Falling population to cost NSW and Victoria cash and possibly seats in parliament

Victoria and NSW will pay a huge economic and political price for the COVID-19 pandemic, losing potentially hundreds of millions of dollars worth of GST and seats in parliament to other parts of the country.

New population estimates for the nation’s two largest states show a “shortfall” of 101,000 Victorians and 95,000 people across NSW, paving the way for a re-jig of the $79 billion GST pool and a loss of federal representation.

More than 100,000 residents have left Melbourne in recent years.Credit:Scott McNaughton

If Victoria does not turn around the population crash it suffered through COVID-19, it could lose an unprecedented two federal electorates in boundary redistributions, while NSW is on track to lose one. Western Australia could reclaim the electorate it lost before the 2021 election as well as millions in additional GST payments.

The Australian Bureau of Statistics this week released the 2021 census. That information was used to update the nation’s estimated population as at June last year at 25.6 million. This was 50,000 lower than the bureau had expected when it last updated its forecasts.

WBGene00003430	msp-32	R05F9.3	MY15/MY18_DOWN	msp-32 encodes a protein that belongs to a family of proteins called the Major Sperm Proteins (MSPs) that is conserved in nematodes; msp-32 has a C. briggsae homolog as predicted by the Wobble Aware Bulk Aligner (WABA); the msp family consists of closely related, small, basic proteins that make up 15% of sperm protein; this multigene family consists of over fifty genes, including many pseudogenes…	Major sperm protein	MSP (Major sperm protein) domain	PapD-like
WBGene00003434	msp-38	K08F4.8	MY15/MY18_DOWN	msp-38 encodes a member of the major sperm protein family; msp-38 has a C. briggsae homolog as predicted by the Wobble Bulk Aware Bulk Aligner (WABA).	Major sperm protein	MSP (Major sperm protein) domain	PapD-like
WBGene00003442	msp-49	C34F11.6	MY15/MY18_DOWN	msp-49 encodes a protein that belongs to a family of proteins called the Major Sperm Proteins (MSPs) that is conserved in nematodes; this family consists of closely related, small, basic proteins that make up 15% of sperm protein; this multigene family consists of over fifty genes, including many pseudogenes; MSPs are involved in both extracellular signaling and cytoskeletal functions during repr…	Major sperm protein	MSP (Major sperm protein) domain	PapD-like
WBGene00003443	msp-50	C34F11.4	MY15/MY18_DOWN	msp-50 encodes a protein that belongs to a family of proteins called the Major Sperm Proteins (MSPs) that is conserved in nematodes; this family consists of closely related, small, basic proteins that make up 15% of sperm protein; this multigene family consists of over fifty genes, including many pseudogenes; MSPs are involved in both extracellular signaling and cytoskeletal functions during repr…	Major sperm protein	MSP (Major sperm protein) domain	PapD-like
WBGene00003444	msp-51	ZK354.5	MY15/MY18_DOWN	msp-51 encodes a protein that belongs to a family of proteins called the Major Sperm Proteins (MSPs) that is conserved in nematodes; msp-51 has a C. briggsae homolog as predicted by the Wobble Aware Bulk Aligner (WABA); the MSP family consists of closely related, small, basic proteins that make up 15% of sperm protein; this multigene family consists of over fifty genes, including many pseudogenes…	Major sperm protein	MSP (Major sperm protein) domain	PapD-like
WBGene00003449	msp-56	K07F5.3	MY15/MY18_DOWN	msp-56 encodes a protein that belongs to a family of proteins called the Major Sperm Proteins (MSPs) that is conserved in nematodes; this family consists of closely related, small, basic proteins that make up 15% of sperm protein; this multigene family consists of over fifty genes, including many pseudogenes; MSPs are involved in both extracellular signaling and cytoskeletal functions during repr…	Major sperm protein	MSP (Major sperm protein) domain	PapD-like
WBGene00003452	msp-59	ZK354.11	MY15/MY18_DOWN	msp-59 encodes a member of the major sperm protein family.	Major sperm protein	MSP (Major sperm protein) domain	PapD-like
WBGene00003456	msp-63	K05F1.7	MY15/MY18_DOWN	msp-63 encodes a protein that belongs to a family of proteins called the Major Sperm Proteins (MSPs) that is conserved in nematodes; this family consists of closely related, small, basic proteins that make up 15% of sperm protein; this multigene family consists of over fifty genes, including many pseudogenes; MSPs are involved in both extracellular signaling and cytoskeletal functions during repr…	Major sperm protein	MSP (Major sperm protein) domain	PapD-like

While a 50,000 over-estimate of the population is not large, there were wide differences between the states and territories.

The federal Treasury this week revised down Victoria’s estimated population by 101,000 to less than 6.55 million while NSW’s was revised down by 95,000 to less than 8.1 million. Both states, which had been growing pre-pandemic, now have fewer residents than at the start of the pandemic.

While Victoria in the final three months of 2021 enjoyed its first increase in overall population since the March quarter of 2020 thanks to births and international migration, the state still suffered a net loss of people to other parts of Australia.

In percentage terms, the biggest upward revisions were for the ACT (up 5.1 per cent or 22,000) and Tasmania (up 5 per cent or 27,000), while WA’s population was upwardly revised 2.5 per cent or 68,000.

The change in population has a direct flow-on effect to how the GST pool is allocated. In the case of both Victoria and NSW, the reduction means they will get less than had been expected.

After the 2016 census, after which population estimates were updated, Western Australia lost $391 million in GST due to an over-estimation of the state’s population by 50,000.

Victorian Treasurer Tim Pallas with his most recent budget. Forecast GST will be hit by new population estimates.Credit:Joe Armao

Western Australia, which is being channelled close to an extra $20 billion in GST over and above what it would normally get under the annual carve-up of the GST due to a deal put in place in 2018 by then-treasurer Scott Morrison, will next year get tens of millions dollars more than expected.

In Victoria’s budget last month, which forecast a deficit of $7.9 billion for 2022-23, Treasurer Tim Pallas was expecting the state’s share of the national population to remain steady in the coming financial year. But the new figures point to a drop that will flow directly into the state’s share of the GST pool.